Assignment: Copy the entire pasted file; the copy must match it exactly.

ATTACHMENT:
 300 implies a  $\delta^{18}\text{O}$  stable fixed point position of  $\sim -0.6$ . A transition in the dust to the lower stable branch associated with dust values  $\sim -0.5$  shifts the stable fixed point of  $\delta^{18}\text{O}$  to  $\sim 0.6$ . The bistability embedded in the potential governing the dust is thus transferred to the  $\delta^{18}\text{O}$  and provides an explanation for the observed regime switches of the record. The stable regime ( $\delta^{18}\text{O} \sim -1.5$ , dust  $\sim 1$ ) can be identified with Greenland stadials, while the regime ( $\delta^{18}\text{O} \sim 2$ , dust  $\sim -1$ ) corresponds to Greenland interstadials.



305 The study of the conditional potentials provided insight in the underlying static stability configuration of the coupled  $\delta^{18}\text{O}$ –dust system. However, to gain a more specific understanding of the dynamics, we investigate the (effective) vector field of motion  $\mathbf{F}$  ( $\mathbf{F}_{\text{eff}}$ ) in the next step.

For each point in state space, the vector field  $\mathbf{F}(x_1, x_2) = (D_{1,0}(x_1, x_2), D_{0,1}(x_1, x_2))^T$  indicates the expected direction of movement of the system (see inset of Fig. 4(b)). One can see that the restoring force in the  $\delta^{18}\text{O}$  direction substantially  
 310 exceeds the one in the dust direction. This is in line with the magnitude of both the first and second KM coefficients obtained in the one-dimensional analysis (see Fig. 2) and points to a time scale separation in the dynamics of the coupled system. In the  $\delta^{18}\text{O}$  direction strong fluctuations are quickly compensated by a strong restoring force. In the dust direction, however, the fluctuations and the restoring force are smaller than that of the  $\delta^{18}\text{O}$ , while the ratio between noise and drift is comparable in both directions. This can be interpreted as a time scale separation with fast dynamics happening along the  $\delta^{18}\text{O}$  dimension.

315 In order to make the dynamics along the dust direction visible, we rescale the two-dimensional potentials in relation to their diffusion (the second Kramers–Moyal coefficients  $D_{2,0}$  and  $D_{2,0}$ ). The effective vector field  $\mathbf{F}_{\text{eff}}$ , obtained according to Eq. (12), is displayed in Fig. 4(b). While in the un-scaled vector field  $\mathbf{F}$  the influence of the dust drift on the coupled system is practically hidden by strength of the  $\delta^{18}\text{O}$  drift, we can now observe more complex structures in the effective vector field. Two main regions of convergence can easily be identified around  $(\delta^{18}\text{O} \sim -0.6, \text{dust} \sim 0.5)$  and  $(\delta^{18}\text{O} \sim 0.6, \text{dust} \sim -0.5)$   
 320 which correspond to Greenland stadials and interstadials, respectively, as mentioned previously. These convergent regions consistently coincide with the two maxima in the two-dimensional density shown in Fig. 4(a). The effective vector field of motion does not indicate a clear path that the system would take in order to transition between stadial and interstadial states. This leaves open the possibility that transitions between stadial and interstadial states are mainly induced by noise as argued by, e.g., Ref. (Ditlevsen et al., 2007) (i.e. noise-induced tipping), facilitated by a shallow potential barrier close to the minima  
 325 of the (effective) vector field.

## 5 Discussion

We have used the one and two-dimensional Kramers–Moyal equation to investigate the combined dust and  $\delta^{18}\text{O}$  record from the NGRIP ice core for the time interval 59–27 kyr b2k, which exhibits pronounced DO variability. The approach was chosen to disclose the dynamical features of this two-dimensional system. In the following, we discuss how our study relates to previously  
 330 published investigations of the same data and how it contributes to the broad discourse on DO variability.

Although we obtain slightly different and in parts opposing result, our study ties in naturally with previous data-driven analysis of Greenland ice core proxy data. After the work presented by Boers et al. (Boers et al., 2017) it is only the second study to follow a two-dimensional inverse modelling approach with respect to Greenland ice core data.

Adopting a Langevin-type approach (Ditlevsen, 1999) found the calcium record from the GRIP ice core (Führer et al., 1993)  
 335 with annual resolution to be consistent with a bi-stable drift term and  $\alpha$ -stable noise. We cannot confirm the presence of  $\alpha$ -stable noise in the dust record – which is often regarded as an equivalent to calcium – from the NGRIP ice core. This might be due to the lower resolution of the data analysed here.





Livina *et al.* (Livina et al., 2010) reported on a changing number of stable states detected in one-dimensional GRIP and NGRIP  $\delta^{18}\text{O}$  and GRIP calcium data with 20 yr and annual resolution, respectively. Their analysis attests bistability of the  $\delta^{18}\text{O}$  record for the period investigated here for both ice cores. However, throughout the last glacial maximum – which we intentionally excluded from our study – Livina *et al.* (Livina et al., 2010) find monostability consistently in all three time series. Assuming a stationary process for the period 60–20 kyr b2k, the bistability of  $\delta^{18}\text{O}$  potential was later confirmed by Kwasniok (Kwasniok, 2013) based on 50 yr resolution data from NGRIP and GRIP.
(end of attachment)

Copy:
 300 implies a  $\delta^{18}\text{O}$  stable fixed point position of  $\sim -0.6$ . A transition in the dust to the lower stable branch associated with dust values  $\sim -0.5$  shifts the stable fixed point of  $\delta^{18}\text{O}$  to  $\sim 0.6$ . The bistability embedded in the potential governing the dust is thus transferred to the  $\delta^{18}\text{O}$  and provides an explanation for the observed regime switches of the record. The stable regime ( $\delta^{18}\text{O} \sim -1.5$ , dust  $\sim 1$ ) can be identified with Greenland stadials, while the regime ( $\delta^{18}\text{O} \sim 2$ , dust  $\sim -1$ ) corresponds to Greenland interstadials.



305 The study of the conditional potentials provided insight in the underlying static stability configuration of the coupled  $\delta^{18}\text{O}$ –dust system. However, to gain a more specific understanding of the dynamics, we investigate the (effective) vector field of motion  $\mathbf{F}$  ( $\mathbf{F}_{\text{eff}}$ ) in the next step.

For each point in state space, the vector field  $\mathbf{F}(x_1, x_2) = (D_{1,0}(x_1, x_2), D_{0,1}(x_1, x_2))^T$  indicates the expected direction of movement of the system (see inset of Fig. 4(b)). One can see that the restoring force in the  $\delta^{18}\text{O}$  direction substantially  
 310 exceeds the one in the dust direction. This is in line with the magnitude of both the first and second KM coefficients obtained in the one-dimensional analysis (see Fig. 2) and points to a time scale separation in the dynamics of the coupled system. In the  $\delta^{18}\text{O}$  direction strong fluctuations are quickly compensated by a strong restoring force. In the dust direction, however, the fluctuations and the restoring force are smaller than that of the  $\delta^{18}\text{O}$ , while the ratio between noise and drift is comparable in both directions. This can be interpreted as a time scale separation with fast dynamics happening along the  $\delta^{18}\text{O}$  dimension.

315 In order to make the dynamics along the dust direction visible, we rescale the two-dimensional potentials in relation to their diffusion (the second Kramers–Moyal coefficients  $D_{2,0}$  and  $D_{2,0}$ ). The effective vector field  $\mathbf{F}_{\text{eff}}$ , obtained according to Eq. (12), is displayed in Fig. 4(b). While in the un-scaled vector field  $\mathbf{F}$  the influence of the dust drift on the coupled system is practically hidden by strength of the  $\delta^{18}\text{O}$  drift, we can now observe more complex structures in the effective vector field. Two main regions of convergence can easily be identified around  $(\delta^{18}\text{O} \sim -0.6, \text{dust} \sim 0.5)$  and  $(\delta^{18}\text{O} \sim 0.6, \text{dust} \sim -0.5)$   
 320 which correspond to Greenland stadials and interstadials, respectively, as mentioned previously. These convergent regions consistently coincide with the two maxima in the two-dimensional density shown in Fig. 4(a). The effective vector field of motion does not indicate a clear path that the system would take in order to transition between stadial and interstadial states. This leaves open the possibility that transitions between stadial and interstadial states are mainly induced by noise as argued by, e.g., Ref. (Ditlevsen et al., 2007) (i.e. noise-induced tipping), facilitated by a shallow potential barrier close to the minima  
 325 of the (effective) vector field.

## 5 Discussion

We have used the one and two-dimensional Kramers–Moyal equation to investigate the combined dust and  $\delta^{18}\text{O}$  record from the NGRIP ice core for the time interval 59–27 kyr b2k, which exhibits pronounced DO variability. The approach was chosen to disclose the dynamical features of this two-dimensional system. In the following, we discuss how our study relates to previously  
 330 published investigations of the same data and how it contributes to the broad discourse on DO variability.

Although we obtain slightly different and in parts opposing result, our study ties in naturally with previous data-driven analysis of Greenland ice core proxy data. After the work presented by Boers et al. (Boers et al., 2017) it is only the second study to follow a two-dimensional inverse modelling approach with respect to Greenland ice core data.

Adopting a Langevin-type approach (Ditlevsen, 1999) found the calcium record from the GRIP ice core (Führer et al., 1993)  
 335 with annual resolution to be consistent with a bi-stable drift term and  $\alpha$ -stable noise. We cannot confirm the presence of  $\alpha$ -stable noise in the dust record – which is often regarded as an equivalent to calcium – from the NGRIP ice core. This might be due to the lower resolution of the data analysed here.





Livina *et al.* (Livina et al., 2010) reported on a changing number of stable states detected in one-dimensional GRIP and NGRIP  $\delta^{18}\text{O}$  and GRIP calcium data with 20 yr and annual resolution, respectively. Their analysis attests bistability of the  $\delta^{18}\text{O}$  record for the period investigated here for both ice cores. However, throughout the last glacial maximum – which we intentionally excluded from our study – Livina *et al.* (Livina et al., 2010) find monostability consistently in all three time series. Assuming a stationary process for the period 60–20 kyr b2k, the bistability of  $\delta^{18}\text{O}$  potential was later confirmed by Kwasniok (Kwasniok, 2013) based on 50 yr resolution data from NGRIP and GRIP.